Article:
“Put Up or Shut Up” – A Valuable Trustee Tool
Being a trustee is an onerous duty, particularly when someone is alleging they have a claim against you personally as a trustee or that they have a claim against the property of the trust/estate you are administering.
As a trustee, if you reject the claim, what can you do? If the claim is not pursued in any formal way, this unresolved claim can affect the administration of the trust/estate and place you at risk if you proceed.
Section 135 of the Trusts Act 2019, formerly section 75 of the Trustee Act 1956, provides an effective, but not often utilised, solution – it enables you to require the person making the allegation to “put up or shut up”.
The “Claim” and Associated Risk
If there is an unresolved claim against you personally as a trustee, or against the property of the trust/estate that you administer, choosing to proceed to administer/distribute the trust/estate property could have significant ramifications.
This is particularly so if the claim is eventually brought before the High Court and the property in question has been distributed or the trust/estate wound up:
- You could be held personally liable;
- You could find yourself in the position of having to defend against a High Court proceeding with no trust property to indemnify yourself from if you are successful.
To protect yourself once a claim has been made the process under section 135 of the Trusts Act 2019 should be initiated.
The first step is to serve a notice on the person making the claim.
The notice must be served in accordance with the High Court Rules 2016 and set out, pursuant to section 135 of the Trusts Act 2019:
- The general nature of the claim as you understand it to be; and
- That if they do not commence legal proceedings within 90 days of receiving the notice, the High Court may bar their claim or authorise you to administer the trust/estate property without regard to their claim.
The effect of the notice is that time begins ticking. The person making the claim has 90 days after being served with the notice to commence a proceeding in the High Court to enforce their claim – case law refers to this as requiring them to “put up or shut up”.
If proceedings have not been commenced by the expiry of the 90-day period then you can make an application to the High Court to bar the claim.
As part of the application you can seek that the costs of the application are to be paid by the trust, if appropriate, or are to be paid by the person making the claim.
High Court Approach
The High Court’s approach to your application will in part be dependent on whether the person making the claim takes any steps following receipt of your application.
If they do nothing, then the High Court will proceed to make orders on your application, after following a particular process under the High Court Rules 2016 referred to as a formal proof hearing. If the High Court considers your application has merit, then it may bar the claim or authorise you to administer the trust/estate property without regard to the claim.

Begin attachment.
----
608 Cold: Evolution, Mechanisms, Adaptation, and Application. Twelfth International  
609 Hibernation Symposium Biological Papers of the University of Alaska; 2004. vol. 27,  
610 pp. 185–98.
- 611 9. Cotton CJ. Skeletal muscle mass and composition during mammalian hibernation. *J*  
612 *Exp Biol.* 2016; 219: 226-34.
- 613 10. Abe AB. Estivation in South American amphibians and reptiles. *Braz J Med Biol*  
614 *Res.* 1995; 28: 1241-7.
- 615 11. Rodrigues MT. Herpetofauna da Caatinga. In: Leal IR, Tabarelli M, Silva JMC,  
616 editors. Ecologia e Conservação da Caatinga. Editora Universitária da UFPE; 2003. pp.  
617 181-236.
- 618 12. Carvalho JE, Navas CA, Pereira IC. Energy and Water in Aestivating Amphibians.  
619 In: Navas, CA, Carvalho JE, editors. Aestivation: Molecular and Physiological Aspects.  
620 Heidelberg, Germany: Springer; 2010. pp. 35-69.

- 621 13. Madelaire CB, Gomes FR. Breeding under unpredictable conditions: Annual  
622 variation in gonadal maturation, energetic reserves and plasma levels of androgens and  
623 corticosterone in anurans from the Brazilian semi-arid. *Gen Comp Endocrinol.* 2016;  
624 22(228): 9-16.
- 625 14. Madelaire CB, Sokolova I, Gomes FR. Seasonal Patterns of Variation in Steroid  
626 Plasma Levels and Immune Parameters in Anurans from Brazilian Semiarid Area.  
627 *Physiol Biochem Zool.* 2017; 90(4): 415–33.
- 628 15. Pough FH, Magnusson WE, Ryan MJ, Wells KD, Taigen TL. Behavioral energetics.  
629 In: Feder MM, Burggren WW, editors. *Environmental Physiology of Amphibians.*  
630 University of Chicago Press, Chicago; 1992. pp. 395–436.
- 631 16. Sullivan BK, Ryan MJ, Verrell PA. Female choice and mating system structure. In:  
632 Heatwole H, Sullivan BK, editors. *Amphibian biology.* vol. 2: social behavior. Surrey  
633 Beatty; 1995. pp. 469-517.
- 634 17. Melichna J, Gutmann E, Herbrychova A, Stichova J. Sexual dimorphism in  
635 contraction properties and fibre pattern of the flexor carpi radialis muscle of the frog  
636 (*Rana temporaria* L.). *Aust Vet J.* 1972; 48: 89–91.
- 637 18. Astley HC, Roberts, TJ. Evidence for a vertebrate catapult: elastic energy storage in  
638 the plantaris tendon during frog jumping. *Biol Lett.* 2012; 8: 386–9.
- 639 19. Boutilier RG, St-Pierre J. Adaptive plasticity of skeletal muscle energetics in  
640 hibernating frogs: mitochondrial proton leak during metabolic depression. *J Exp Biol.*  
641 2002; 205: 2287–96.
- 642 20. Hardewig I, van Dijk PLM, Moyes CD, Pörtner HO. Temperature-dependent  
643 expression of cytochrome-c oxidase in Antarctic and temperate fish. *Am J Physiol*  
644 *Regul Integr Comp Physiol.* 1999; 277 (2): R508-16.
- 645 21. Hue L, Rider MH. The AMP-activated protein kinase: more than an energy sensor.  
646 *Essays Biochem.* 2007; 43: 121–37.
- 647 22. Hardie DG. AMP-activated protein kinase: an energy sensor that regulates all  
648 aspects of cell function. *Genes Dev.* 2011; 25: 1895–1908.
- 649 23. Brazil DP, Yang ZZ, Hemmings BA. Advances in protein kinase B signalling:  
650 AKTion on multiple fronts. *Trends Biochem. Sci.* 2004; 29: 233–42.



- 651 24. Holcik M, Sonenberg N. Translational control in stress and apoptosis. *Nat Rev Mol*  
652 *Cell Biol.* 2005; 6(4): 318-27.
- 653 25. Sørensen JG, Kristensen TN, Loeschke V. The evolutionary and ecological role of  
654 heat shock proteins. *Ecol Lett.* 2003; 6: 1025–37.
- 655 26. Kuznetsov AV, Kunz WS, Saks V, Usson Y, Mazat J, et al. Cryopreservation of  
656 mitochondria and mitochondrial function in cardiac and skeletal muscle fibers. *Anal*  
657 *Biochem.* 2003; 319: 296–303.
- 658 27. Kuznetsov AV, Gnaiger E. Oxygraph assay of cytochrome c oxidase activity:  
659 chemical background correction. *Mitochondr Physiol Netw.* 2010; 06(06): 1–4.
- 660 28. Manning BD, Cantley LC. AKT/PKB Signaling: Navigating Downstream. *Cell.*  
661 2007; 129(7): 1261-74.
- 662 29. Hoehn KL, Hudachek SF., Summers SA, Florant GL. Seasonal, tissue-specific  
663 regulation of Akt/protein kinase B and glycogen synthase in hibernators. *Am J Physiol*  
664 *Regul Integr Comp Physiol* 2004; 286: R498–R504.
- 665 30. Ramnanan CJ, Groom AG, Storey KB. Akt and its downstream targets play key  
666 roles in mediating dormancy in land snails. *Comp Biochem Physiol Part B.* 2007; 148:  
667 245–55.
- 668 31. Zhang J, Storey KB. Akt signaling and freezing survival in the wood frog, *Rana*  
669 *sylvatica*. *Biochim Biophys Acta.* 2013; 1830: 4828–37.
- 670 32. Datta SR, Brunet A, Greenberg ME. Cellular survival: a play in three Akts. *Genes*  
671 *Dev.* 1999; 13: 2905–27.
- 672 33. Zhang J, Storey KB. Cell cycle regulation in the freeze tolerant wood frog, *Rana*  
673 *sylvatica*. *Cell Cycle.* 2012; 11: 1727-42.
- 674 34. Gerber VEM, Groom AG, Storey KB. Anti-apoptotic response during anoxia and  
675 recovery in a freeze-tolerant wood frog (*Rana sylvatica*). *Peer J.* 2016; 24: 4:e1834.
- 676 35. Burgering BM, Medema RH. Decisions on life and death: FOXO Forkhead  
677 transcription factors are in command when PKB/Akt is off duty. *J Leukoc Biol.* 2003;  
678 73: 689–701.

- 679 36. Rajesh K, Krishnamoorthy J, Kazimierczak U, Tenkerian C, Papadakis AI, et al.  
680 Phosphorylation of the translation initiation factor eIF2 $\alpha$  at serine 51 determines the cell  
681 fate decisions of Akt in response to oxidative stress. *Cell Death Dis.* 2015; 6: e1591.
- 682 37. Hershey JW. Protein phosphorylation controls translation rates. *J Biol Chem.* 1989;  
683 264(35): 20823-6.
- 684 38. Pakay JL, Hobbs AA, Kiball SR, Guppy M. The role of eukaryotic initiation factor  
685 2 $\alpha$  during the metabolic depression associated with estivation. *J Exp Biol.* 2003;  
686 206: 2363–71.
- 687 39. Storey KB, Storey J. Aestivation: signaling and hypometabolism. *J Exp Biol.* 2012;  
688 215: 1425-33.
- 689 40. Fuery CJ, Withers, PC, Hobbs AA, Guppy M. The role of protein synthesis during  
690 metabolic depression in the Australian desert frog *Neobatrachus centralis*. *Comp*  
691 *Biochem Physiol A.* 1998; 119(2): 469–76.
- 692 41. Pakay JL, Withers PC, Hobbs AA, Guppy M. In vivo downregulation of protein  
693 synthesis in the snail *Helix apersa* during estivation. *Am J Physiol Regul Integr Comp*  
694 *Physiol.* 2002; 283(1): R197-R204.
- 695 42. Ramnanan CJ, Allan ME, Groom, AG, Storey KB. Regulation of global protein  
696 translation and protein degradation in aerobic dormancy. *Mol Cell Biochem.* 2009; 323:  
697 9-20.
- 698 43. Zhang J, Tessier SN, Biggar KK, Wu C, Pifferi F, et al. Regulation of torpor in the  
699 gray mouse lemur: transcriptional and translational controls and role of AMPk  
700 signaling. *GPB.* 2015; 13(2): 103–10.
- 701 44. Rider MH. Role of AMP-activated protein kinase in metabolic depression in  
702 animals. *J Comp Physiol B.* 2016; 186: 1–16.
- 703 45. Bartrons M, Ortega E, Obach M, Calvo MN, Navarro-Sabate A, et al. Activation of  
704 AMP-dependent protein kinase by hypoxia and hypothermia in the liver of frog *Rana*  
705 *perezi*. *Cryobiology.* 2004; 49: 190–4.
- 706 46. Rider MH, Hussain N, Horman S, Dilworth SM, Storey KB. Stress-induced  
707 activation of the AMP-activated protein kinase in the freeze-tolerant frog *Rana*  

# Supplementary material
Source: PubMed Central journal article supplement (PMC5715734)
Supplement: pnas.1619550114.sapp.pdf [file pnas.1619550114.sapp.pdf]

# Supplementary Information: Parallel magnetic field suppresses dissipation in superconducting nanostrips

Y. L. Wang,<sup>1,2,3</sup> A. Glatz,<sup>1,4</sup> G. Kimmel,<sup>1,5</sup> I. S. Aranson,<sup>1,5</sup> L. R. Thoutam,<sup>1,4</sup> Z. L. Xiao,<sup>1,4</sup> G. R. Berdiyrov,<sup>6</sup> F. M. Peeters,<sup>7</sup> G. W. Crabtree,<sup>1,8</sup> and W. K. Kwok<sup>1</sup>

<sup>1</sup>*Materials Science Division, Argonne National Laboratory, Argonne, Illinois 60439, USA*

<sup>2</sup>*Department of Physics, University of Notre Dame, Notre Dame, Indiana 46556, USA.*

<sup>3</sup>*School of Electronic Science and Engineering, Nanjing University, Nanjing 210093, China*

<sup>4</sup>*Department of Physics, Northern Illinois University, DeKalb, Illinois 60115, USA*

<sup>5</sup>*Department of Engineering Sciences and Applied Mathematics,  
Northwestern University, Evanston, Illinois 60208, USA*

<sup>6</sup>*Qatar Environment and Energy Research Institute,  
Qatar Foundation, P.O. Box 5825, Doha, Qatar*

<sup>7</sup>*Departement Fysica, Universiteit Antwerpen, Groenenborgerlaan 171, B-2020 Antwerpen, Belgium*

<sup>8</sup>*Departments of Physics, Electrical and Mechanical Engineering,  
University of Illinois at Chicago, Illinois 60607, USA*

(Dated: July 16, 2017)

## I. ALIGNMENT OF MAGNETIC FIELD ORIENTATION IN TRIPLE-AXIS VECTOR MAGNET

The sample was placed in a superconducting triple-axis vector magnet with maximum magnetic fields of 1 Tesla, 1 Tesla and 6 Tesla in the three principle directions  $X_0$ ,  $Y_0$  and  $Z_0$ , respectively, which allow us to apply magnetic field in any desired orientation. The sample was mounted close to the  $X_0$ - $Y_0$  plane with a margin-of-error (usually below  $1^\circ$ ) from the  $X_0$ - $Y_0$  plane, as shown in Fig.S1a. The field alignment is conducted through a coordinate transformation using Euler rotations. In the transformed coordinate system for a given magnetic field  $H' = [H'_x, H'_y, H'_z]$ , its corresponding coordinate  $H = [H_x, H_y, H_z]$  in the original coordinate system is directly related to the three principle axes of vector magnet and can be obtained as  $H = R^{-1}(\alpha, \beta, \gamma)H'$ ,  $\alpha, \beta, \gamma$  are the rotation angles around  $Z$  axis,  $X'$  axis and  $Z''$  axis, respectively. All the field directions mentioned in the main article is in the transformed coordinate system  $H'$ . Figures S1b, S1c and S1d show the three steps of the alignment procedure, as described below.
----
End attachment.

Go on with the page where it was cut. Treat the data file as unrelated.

If the person making the claim does take steps, then case law, under section 75 of the former Trustee Act 1956 (such as Poulter v Poulter  NZHC 3095), sets out various principles the High Court will apply, including:
There is no requirement for the High Court to undertake a substantive assessment of the merits of the claim, however whether the claim has any merit may be taken into account when considering if it should be barred;
- A lack of action both before and after the notice being served will count against the person making the claim;
- An explanation will be required as to why no steps were taken to initiate proceedings from the time the notice was served;
- Evidence that a claim may not be progressed with all due diligence will count against the person making the claim;
- Even where the claim is meritorious, and there is an explanation for the failure to initiate proceedings, the High Court would only extend the time for bringing a claim on conditions requiring proceedings to be initiated in a specified period of time, failing which it would be barred.
What the High Court will ensure is that the claim is either brought to a head within a reasonable time or is put to rest.
Unresolved claims against a trust/estate can have serious implications if, as a trustee, you proceed to administer a trust/estate.
Requiring the person making the claim to “put up or shut up” is a valuable tool which can be utilised to safeguard yourself.
The experienced team at McCaw Lewis can help you navigate the legal aspects of the process required under section 135 of the Trusts Act 2019 and the High Court Rules 2016 or answer any questions you may have.
Zane is an Associate in our Disputes Resolution Team and can be contacted on 07 958 7431.
Back to all publications